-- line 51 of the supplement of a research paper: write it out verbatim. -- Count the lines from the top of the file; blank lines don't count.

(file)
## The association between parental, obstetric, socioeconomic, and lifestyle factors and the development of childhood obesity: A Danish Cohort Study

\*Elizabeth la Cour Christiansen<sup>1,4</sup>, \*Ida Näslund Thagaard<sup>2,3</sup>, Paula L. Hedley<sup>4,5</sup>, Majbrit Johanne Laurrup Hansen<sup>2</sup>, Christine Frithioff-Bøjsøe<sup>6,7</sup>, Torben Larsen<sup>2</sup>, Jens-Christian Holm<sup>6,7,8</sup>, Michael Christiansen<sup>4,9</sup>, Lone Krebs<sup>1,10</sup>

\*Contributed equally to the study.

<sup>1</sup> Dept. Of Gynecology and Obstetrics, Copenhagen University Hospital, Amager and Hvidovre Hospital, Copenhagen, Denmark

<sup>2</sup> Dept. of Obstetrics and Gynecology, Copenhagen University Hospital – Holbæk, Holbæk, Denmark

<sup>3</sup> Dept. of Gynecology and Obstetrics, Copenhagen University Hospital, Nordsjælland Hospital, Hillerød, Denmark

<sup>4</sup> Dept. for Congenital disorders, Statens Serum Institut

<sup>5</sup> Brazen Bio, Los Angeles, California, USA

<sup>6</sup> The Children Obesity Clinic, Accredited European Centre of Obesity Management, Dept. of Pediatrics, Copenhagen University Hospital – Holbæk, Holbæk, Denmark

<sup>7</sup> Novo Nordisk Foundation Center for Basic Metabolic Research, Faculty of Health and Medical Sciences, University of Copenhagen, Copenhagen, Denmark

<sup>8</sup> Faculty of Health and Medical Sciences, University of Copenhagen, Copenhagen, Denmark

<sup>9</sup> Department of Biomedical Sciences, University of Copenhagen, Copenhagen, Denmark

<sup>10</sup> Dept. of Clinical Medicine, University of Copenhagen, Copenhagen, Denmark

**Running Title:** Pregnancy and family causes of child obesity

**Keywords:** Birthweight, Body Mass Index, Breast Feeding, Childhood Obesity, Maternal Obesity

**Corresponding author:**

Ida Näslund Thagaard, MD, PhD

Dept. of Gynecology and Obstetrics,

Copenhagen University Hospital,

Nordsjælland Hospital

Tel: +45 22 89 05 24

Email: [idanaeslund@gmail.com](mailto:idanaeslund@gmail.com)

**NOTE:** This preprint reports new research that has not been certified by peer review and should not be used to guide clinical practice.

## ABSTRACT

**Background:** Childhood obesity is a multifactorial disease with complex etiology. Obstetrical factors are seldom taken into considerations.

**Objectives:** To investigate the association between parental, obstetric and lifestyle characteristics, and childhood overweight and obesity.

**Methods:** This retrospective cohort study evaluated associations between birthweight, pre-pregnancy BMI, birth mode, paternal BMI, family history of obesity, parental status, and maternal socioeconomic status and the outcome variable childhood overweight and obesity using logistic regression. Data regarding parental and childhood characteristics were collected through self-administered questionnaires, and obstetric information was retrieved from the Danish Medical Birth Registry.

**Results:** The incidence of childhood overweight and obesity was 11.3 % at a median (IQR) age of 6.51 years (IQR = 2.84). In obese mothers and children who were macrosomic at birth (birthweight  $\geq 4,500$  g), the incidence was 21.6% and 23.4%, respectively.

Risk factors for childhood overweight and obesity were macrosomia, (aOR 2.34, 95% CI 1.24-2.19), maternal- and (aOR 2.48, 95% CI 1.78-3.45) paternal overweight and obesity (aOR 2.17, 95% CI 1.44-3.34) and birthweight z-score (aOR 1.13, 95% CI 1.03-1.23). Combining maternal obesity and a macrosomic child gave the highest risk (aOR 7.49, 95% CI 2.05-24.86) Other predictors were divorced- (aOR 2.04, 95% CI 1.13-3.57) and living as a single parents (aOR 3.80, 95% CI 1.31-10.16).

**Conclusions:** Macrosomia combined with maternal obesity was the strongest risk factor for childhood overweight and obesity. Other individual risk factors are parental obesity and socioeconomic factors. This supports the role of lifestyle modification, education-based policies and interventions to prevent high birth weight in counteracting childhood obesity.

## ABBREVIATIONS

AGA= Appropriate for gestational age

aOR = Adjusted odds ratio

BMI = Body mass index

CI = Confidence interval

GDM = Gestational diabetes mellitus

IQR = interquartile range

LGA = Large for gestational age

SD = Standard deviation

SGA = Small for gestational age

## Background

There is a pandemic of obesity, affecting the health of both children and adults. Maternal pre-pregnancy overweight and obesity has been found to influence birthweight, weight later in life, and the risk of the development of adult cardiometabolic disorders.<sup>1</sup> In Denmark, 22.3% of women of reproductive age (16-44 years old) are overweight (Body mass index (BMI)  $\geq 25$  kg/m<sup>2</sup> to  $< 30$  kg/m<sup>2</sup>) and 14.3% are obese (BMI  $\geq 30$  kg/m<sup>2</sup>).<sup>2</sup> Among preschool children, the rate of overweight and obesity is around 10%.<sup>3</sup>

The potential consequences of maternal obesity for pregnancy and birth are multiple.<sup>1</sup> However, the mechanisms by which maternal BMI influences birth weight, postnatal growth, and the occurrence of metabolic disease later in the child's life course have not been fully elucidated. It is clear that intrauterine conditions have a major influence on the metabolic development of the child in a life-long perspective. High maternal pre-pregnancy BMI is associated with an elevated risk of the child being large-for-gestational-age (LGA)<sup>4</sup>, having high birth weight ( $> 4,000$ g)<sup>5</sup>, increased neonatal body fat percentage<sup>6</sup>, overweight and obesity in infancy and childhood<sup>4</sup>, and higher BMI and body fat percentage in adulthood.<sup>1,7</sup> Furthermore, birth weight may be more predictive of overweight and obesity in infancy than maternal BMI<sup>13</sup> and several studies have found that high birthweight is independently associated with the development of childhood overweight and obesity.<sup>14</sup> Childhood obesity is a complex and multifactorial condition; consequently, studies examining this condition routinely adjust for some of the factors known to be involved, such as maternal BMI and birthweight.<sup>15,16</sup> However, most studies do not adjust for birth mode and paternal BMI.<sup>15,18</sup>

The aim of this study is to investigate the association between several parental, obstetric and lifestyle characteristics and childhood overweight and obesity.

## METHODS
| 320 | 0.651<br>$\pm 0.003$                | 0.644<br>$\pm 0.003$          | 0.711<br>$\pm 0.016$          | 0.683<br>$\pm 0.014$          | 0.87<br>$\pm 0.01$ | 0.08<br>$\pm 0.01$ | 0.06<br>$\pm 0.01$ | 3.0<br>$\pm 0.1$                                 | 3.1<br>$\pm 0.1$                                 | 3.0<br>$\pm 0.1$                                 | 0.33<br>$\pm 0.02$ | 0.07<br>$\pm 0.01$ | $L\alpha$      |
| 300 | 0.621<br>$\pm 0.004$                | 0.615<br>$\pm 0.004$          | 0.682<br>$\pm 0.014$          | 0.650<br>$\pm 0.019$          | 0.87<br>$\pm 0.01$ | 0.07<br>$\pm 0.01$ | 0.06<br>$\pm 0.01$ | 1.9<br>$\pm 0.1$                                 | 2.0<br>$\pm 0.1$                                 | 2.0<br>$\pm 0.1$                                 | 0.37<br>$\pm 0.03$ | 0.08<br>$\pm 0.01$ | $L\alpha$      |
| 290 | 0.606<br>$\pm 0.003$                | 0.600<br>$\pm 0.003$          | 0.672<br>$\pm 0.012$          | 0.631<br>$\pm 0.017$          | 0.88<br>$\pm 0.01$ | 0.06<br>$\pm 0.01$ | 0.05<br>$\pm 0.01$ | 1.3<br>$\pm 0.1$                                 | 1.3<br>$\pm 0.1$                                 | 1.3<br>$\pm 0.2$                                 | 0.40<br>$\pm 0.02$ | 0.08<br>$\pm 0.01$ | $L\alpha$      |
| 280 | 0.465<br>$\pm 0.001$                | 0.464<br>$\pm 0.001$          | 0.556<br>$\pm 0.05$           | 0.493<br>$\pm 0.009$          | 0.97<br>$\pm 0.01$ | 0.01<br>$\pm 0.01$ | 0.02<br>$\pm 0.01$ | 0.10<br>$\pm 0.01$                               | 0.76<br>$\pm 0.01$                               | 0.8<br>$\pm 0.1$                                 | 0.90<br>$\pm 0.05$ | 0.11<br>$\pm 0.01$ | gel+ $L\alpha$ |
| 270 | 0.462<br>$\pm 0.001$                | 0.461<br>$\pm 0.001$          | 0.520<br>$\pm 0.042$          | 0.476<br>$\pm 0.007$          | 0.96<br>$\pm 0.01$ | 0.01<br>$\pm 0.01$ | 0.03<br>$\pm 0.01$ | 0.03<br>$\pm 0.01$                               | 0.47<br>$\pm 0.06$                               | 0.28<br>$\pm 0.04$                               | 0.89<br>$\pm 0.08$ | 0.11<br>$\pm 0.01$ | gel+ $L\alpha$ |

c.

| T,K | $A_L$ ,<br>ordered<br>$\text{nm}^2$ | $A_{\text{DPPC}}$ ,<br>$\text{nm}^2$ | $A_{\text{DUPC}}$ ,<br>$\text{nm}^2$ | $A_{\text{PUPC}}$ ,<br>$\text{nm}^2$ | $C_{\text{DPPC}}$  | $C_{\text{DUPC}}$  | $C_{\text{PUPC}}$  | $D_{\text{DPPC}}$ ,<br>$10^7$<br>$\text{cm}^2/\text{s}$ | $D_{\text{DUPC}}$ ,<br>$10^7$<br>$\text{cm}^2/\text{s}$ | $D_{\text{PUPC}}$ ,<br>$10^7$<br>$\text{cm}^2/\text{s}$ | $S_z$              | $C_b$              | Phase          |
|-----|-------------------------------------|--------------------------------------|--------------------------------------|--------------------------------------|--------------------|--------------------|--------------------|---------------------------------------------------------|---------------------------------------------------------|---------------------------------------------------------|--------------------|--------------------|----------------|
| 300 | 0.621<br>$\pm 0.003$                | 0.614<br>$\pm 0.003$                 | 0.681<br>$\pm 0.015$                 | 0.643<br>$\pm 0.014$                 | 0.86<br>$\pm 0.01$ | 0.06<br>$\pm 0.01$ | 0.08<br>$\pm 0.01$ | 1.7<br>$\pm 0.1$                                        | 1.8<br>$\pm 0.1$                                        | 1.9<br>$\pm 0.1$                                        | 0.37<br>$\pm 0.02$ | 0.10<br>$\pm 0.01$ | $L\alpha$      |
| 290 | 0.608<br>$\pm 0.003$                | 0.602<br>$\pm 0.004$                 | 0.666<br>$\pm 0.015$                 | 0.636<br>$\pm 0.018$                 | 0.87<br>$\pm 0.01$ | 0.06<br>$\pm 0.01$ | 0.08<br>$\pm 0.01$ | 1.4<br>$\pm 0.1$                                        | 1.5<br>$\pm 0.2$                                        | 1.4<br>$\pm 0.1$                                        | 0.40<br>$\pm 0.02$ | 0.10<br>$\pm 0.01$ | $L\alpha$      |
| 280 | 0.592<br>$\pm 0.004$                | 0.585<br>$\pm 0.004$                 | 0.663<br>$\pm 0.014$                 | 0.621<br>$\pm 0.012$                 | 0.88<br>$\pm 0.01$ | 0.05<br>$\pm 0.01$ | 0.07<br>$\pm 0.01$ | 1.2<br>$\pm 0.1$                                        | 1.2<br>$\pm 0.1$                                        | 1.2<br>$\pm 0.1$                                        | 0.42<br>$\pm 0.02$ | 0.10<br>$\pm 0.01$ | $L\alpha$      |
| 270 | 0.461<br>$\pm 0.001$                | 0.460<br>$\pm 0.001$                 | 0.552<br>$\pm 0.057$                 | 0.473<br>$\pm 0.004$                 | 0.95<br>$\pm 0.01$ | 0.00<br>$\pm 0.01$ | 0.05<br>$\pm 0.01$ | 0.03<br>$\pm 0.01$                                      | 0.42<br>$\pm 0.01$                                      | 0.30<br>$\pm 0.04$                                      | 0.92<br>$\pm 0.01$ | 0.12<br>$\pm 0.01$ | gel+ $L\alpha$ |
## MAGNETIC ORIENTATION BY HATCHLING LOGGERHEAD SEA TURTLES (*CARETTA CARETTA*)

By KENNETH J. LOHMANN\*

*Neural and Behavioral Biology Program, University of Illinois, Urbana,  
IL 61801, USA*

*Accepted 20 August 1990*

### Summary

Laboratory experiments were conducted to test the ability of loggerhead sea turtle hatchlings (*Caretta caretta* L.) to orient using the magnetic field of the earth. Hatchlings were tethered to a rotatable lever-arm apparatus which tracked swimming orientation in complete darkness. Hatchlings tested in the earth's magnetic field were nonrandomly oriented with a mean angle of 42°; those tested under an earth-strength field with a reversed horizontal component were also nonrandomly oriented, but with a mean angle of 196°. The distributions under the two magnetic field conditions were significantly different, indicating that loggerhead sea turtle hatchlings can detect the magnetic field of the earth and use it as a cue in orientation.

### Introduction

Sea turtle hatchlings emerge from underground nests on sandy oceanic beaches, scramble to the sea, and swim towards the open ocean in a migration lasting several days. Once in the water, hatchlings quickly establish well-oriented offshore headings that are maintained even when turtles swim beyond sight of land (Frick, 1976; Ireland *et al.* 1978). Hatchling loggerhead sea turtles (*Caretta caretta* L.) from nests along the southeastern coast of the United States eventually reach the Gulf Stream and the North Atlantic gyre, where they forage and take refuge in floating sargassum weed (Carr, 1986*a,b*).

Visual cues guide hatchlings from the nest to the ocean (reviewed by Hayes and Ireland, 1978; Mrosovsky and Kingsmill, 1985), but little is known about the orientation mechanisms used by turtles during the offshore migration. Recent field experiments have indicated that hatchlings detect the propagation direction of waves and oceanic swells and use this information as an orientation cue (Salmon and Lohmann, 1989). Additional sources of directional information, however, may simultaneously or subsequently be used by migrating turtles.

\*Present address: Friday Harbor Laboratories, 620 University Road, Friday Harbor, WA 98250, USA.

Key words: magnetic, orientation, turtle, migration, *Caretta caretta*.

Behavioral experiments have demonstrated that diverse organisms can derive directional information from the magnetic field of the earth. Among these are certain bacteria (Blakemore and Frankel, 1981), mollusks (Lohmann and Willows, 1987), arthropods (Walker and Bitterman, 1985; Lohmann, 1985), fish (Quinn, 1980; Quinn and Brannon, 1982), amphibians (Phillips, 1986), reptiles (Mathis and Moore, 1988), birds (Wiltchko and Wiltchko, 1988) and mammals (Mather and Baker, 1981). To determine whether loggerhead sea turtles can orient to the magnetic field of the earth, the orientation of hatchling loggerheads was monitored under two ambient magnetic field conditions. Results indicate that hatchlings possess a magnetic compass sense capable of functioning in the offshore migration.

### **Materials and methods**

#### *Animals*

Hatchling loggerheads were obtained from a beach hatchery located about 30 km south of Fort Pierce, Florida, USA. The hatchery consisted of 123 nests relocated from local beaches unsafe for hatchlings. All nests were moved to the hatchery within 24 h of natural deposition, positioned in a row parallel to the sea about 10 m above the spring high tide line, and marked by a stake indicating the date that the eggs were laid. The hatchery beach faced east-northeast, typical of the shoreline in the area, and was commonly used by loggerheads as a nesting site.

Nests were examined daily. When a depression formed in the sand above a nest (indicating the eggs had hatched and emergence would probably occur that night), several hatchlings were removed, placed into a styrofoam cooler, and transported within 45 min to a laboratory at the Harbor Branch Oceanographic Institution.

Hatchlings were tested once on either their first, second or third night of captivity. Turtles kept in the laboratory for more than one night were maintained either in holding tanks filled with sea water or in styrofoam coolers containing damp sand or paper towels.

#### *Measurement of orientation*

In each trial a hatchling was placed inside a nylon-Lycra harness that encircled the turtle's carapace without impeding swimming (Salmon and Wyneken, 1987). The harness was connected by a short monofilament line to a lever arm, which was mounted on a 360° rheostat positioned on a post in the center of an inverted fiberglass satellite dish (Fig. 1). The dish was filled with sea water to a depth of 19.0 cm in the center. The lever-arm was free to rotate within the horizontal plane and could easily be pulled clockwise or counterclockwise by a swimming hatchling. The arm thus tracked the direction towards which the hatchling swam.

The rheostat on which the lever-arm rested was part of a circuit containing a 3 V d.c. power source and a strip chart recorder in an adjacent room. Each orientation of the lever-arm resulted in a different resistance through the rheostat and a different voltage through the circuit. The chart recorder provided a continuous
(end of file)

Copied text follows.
c.